There’s a terrific paradox in which what is to be desired is refusal itself, performed in the world No! One wants to say no to the disaster, no to the conditions that permeate and structure disaster. It’s a gorgeous affirmation of the desire to negate—but, viz. the last lines of the suites:

In words with no future we seek portals
Holes and faults hew new relations quicken
Chasing that persistent and ongoing no!

The meaning of the word “hew” and its use here really evokes Oppen for me, someone who I know is terribly important to Rob. To “hew” of course means to cut and to fashion. Like “render.” This chase after negation is critical for so many reasons: the “troika” of police, state, and capital demands obedience (framed as “yes”), the media representation around disaster is inevitably productive of, not resistant to, the disaster. The proliferation of imagery and analysis (Rob mentions the racialized distinction between “looting” and “finding” in post-Katrina coverage) is a sort of persistent and ongoing yes! to the disaster, etc.

There’s so much more to say—maybe there are things I’ll be able to say in the future (besides omfg stop reading fucking talking points and read this book), but I also think that this book demonstrates that uncanny relationship with the lyric in its form. I mean, this is so hard to talk about, so do you mind if quote:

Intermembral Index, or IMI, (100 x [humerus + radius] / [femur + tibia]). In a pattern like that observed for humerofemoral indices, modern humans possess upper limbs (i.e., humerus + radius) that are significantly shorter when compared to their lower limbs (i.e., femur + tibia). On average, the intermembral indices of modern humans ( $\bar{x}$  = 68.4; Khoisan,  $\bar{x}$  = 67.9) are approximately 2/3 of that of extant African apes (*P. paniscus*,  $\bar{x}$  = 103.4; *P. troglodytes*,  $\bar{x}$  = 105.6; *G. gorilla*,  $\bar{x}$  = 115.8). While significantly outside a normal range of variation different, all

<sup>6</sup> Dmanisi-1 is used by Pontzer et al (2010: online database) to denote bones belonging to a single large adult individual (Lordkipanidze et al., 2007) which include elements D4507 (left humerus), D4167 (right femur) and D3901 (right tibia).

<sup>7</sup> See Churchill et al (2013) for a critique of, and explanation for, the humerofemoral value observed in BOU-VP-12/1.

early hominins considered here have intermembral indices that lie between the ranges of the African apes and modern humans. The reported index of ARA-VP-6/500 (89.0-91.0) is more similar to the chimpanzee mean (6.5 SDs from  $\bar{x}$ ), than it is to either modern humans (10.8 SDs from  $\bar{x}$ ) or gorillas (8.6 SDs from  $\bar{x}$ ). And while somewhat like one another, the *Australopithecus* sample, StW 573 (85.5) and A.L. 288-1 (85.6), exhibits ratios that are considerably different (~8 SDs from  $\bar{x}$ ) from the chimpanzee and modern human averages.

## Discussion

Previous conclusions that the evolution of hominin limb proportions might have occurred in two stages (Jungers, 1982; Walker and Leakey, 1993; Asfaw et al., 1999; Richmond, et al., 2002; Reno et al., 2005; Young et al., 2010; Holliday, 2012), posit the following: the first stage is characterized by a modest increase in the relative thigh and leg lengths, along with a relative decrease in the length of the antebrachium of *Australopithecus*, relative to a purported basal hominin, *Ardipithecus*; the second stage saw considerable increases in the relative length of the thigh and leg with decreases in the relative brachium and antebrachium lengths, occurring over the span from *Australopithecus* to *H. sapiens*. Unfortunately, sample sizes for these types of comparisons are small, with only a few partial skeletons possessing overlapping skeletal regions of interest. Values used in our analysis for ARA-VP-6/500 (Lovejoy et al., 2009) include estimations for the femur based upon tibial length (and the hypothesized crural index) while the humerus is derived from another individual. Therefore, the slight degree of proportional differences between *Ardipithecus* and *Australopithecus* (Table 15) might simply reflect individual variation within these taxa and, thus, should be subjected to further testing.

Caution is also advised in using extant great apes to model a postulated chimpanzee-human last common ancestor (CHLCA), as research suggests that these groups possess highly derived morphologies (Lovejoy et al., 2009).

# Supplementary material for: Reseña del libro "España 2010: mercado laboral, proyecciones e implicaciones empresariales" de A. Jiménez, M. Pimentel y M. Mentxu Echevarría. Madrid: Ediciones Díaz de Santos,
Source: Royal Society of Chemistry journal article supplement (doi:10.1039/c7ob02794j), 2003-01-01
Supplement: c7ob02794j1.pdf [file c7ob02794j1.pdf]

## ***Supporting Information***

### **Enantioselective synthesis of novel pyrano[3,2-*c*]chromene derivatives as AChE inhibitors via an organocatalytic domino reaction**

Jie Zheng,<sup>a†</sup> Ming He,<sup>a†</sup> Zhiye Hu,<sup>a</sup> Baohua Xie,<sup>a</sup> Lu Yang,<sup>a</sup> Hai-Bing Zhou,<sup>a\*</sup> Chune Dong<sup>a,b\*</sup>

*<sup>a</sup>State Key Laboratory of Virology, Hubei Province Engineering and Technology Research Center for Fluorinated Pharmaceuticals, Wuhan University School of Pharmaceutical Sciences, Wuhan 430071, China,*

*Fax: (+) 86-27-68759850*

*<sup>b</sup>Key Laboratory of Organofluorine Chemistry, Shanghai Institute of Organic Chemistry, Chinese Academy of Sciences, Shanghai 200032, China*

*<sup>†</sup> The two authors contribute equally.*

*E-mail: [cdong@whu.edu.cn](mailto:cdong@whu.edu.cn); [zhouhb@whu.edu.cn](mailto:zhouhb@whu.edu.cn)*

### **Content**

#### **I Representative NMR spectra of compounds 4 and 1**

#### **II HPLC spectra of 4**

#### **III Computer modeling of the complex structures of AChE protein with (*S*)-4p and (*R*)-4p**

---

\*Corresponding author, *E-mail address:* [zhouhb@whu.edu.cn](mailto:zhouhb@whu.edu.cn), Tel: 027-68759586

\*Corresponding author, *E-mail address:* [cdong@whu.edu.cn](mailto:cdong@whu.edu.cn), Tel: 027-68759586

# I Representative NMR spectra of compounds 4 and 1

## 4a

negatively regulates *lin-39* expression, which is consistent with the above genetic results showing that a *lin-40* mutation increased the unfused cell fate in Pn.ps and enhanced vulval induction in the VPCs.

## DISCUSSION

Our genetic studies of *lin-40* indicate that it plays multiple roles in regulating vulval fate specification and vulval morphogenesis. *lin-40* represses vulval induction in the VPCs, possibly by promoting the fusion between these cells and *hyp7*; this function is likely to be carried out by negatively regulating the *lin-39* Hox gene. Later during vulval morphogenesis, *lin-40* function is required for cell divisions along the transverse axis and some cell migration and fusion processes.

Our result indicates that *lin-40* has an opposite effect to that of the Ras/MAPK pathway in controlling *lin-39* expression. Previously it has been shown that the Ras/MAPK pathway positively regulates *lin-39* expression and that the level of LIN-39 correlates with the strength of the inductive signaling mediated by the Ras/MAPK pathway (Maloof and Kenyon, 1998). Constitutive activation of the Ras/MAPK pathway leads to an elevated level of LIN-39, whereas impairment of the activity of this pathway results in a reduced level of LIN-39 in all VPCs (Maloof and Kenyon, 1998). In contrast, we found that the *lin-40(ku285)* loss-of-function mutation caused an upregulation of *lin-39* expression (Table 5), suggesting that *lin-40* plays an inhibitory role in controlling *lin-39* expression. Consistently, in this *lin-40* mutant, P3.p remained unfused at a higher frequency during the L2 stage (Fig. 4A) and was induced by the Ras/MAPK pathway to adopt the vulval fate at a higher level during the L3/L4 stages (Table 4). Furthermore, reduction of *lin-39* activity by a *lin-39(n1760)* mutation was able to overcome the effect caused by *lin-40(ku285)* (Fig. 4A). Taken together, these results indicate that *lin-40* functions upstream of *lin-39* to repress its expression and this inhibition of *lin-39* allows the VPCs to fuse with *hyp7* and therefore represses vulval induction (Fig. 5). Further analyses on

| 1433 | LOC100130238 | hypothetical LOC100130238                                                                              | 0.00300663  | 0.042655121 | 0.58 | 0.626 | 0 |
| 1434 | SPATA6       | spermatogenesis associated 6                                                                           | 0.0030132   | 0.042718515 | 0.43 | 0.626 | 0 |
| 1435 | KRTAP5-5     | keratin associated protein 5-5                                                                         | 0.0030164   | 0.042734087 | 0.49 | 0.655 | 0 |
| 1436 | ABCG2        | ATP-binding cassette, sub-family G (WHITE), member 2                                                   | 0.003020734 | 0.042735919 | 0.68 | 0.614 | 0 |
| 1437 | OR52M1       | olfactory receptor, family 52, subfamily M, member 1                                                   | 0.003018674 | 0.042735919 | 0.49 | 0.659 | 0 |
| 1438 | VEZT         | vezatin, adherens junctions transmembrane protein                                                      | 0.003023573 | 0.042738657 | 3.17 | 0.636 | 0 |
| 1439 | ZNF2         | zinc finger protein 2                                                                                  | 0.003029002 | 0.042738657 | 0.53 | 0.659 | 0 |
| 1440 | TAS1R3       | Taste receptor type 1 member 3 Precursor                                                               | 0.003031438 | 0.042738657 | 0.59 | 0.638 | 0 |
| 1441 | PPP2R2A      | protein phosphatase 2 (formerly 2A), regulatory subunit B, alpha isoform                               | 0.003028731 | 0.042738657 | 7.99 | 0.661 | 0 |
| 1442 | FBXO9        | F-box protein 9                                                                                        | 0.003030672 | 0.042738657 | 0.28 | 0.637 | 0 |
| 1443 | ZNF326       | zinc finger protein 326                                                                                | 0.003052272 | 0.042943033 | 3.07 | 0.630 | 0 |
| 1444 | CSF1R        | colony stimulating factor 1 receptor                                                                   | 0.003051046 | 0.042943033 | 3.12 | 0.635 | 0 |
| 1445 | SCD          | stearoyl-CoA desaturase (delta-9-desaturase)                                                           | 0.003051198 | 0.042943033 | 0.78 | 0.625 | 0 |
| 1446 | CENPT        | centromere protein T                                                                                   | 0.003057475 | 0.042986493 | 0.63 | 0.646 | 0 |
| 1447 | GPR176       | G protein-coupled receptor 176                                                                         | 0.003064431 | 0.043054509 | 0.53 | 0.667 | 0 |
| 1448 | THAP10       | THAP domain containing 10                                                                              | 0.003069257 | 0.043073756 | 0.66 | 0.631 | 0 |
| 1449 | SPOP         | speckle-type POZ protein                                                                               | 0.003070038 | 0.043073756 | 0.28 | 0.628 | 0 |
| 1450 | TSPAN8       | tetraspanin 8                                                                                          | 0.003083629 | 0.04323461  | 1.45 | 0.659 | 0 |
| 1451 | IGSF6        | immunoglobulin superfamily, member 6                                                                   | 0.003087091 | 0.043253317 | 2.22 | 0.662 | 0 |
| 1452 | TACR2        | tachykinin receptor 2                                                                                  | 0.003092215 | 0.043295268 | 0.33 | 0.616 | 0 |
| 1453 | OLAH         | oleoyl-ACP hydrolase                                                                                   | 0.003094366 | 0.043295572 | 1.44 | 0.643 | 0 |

So then I woke up wondering about the multitude
And whether I could ever vocally be a part of that i-
Dea or thing or whether I’d get stuck just trying to

---This is one stanza in one poem in one suite of the book and utterly excised out of its context. Sorry. But I find this so prosodically rich. The question “could I ever be a part of that I” emerges from “that idea”, following on an “I” which wonders about the multitude. It’s as if the statement is thus both “I woke up wondering whether I could be a vocal part of the multitude.” and “I woke up wondering whether I could be a vocal part of the multitude which after all is just an “I”.”
But then notice the repetition of length. The first and third lines are 14 syllables. The middle line is 15 syllables, or “one off”—that extra syllable at the end? “I” “I” then figures in this moment also as a surplus or excess; or appendix; or, to reference another anxiety of the book, it’s what you find when you start to count.

There are like dozens of moments in this text where such formal stratifications are at play."
--Brandon Brown

Tuesday, April 21, 2009

Nationalization of Banks and Auto-Industry?

Why is there not a strong and vocal movement abreast to nationallize (dare I say socialize) the banks and auto corporations that have been bailed out by the Obama admin/Geithner?

Is there one, and I'm just not aware of it?

If there is to finally be socialism in this country, shouldn't this be a ripe moment for it to come about?

Any info wld be appreciated in comment boxes or at tadonovan [at] hotmail [dot] com.